Dance acts transferring their ability to thrill beyond one off 12”s to the long playing format was a relatively new thing, and a trick not yet mastered by many; only Underworld’s Dubnobasswithmyheadman, Orbital’s Brown Album, The Prodigy’s Music For The Jilted Generation and Fluke’s Techno Rose of Blighty had really pulled it off at the time, though each now enjoys 'classic album' status. While many played up the rock-y angle of Underworld, the soundtrack geekery of Orbital and nu-punk of The Prodigy, Leftfield proved to be the most purist of these acts, and Dubnobass... aside, this is the album that has aged best out of those it was lumped in with at the time.

Leftfield's live performances from that era now hold the same legendary status as those of My Bloody Valentine - volume was key, and as such it's no surprise that it's on the more aggressive tracks that Leftism excels. A tune such as "Afro-Left" still sounds like a year zero for electronic music; fusing African rhythms with trance riffs and a pounding techno beat had probably never been done prior to Leftism, and it still bangs with punk vigour. The furious futurism of "Space Shanty" will still manage to make you frantically gurn against your will, while the jungle-influenced beats of "Storm 3000" still prove a thrill even after all this time. The dubby beats and chillonic intro of "Song For Life" could only come from the 90s, plus it remains a mystery that the more dancefloor ready "Cut For Life" - only released on the vinyl version originally - isn't promoted to this reissue, as it’s a real highlight of the record. The slow paced dub-hop of the Toni Halliday (Curve)-featuring "Original" remains deep and menacing, and of course there's "Open Up" featuring John Lydon, the track which brought Leftfield their commercial cross over. It remains one of the weirdest ever top 20 hits and is absolutely the best song either party has ever been involved with.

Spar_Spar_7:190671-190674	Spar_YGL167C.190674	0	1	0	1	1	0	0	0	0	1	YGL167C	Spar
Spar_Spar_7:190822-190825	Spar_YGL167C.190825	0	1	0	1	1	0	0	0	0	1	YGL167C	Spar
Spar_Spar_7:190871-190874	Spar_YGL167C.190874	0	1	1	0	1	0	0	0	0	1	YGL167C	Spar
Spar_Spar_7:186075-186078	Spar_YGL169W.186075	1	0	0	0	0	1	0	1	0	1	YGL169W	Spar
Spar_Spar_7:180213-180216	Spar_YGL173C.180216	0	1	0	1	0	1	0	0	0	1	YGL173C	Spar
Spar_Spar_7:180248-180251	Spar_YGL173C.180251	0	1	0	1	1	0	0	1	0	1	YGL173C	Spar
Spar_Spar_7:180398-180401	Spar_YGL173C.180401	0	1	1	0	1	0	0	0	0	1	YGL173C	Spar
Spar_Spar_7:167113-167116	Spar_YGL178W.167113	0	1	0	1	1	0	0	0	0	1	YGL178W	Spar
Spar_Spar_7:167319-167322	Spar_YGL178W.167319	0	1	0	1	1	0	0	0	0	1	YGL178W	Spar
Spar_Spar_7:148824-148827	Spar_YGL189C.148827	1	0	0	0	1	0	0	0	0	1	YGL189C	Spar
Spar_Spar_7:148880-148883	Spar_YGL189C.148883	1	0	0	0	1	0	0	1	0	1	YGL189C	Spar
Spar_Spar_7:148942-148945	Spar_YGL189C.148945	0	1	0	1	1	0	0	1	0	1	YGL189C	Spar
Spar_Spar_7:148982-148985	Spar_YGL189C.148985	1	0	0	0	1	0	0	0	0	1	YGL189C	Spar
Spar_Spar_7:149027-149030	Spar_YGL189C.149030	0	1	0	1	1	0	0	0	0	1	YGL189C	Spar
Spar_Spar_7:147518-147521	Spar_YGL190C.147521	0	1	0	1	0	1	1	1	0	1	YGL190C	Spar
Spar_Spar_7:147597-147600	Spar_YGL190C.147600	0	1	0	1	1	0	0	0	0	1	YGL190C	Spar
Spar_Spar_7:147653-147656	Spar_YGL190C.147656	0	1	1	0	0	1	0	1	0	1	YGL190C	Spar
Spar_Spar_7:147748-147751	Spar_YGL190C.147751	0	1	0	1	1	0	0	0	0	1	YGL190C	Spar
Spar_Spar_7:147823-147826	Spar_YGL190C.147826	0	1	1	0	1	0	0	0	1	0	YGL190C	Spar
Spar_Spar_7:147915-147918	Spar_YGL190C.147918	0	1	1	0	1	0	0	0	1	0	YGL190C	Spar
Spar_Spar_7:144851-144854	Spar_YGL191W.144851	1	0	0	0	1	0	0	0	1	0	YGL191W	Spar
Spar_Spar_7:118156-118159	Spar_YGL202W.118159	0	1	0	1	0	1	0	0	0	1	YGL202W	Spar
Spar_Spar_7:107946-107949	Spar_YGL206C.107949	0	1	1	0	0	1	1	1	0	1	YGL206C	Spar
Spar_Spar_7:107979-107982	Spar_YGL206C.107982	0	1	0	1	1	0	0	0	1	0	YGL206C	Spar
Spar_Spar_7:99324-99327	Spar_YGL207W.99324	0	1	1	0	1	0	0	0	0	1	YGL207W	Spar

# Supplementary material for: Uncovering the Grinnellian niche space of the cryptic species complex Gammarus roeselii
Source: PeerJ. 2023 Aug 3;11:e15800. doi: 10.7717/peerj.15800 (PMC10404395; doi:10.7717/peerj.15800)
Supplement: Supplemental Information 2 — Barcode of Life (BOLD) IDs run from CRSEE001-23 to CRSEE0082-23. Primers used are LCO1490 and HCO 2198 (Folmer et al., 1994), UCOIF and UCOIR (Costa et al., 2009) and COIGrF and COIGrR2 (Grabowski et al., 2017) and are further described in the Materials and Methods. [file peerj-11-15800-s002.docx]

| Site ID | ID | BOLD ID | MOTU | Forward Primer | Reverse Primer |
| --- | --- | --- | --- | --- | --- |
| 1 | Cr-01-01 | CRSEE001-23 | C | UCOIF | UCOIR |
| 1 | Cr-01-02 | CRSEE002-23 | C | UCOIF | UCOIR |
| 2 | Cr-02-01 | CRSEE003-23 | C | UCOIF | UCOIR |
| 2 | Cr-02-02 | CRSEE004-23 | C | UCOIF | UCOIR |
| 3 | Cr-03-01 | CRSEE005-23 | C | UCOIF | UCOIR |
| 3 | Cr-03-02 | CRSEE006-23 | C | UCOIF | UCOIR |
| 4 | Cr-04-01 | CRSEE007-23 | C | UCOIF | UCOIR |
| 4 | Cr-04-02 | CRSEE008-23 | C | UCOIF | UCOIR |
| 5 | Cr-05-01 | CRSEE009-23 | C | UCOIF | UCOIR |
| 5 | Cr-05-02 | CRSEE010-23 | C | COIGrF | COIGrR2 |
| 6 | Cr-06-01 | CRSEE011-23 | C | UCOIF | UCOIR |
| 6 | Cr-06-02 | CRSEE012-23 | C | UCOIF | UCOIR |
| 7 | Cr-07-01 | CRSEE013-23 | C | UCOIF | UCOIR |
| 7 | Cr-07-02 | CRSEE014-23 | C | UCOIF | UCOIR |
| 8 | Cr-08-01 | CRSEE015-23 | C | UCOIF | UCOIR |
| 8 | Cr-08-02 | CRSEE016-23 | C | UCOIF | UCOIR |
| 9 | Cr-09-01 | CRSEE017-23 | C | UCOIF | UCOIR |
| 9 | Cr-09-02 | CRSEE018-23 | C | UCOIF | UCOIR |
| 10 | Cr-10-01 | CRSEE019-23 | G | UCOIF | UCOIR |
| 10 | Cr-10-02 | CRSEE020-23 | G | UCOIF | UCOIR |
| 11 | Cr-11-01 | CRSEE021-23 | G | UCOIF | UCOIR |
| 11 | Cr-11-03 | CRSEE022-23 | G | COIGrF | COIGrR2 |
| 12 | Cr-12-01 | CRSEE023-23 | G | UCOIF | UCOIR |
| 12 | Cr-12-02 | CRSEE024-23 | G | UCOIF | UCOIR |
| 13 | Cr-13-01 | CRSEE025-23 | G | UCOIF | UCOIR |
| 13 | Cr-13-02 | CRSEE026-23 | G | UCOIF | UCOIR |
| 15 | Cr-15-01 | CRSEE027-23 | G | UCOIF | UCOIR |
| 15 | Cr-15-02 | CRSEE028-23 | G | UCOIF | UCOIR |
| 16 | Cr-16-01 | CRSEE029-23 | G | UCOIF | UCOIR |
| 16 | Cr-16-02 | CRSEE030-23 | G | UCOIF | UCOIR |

Of course there are tunes here that do date the record, but they remain relevant for showing a different, subtler side to the band beyond their bang bang, club-based material. The spatial ambience of "Melt" gives the LP a much needed moment of moody soundtrackism, a route many went down when wanting to show off a mellower side, while "Inspection One"'s big beats evoke memories of stoned late night sessions playing Wipeout 2097 on PlayStation One.

Being such a similarly important part of British dance music history, you would have expected Leftism 22 to beafforded a similarly deluxe reissue package to the one Dubnobass... received. That album’s comprehensive reissue in the form of an exhaustive four CD set is not replicated here, thus making the package much more precise; you get the album, then you get the album remixed by current artists. Of those remixes, Maafi impressively taps into the dancehall elements of "Inspection One", Adrian Sherwood does that Adrian Sherwood thing to "Release The Pressure", fans of harder dance music will find much to love with Ben Sims techno retouch of "Black Flute" (which proves to be much more maximal than his usual material), Bodyjack twists "Song of Life" into big room minimal-tech which utilises the euphoric breakdown of the original to great effect, and Skream continues his journey into tuff tech-house with his impressive jacking touch up of "Open Up".

Let’s be frank here, every single copy of Leftism that was bought at the time is totally wrecked for a multitude of reasons, so a reissue of it is very much welcome. Once re-acquainting yourself with the album, those hazy memories attached to it trickle back, while the reasons why you loved it in the first place will smack you in the face as soon as that glorious first note of "Release The Pressure" booms from the speaker. It’s a wonderful thing, and its standing as one of the best albums of the 90’s remains undiminished.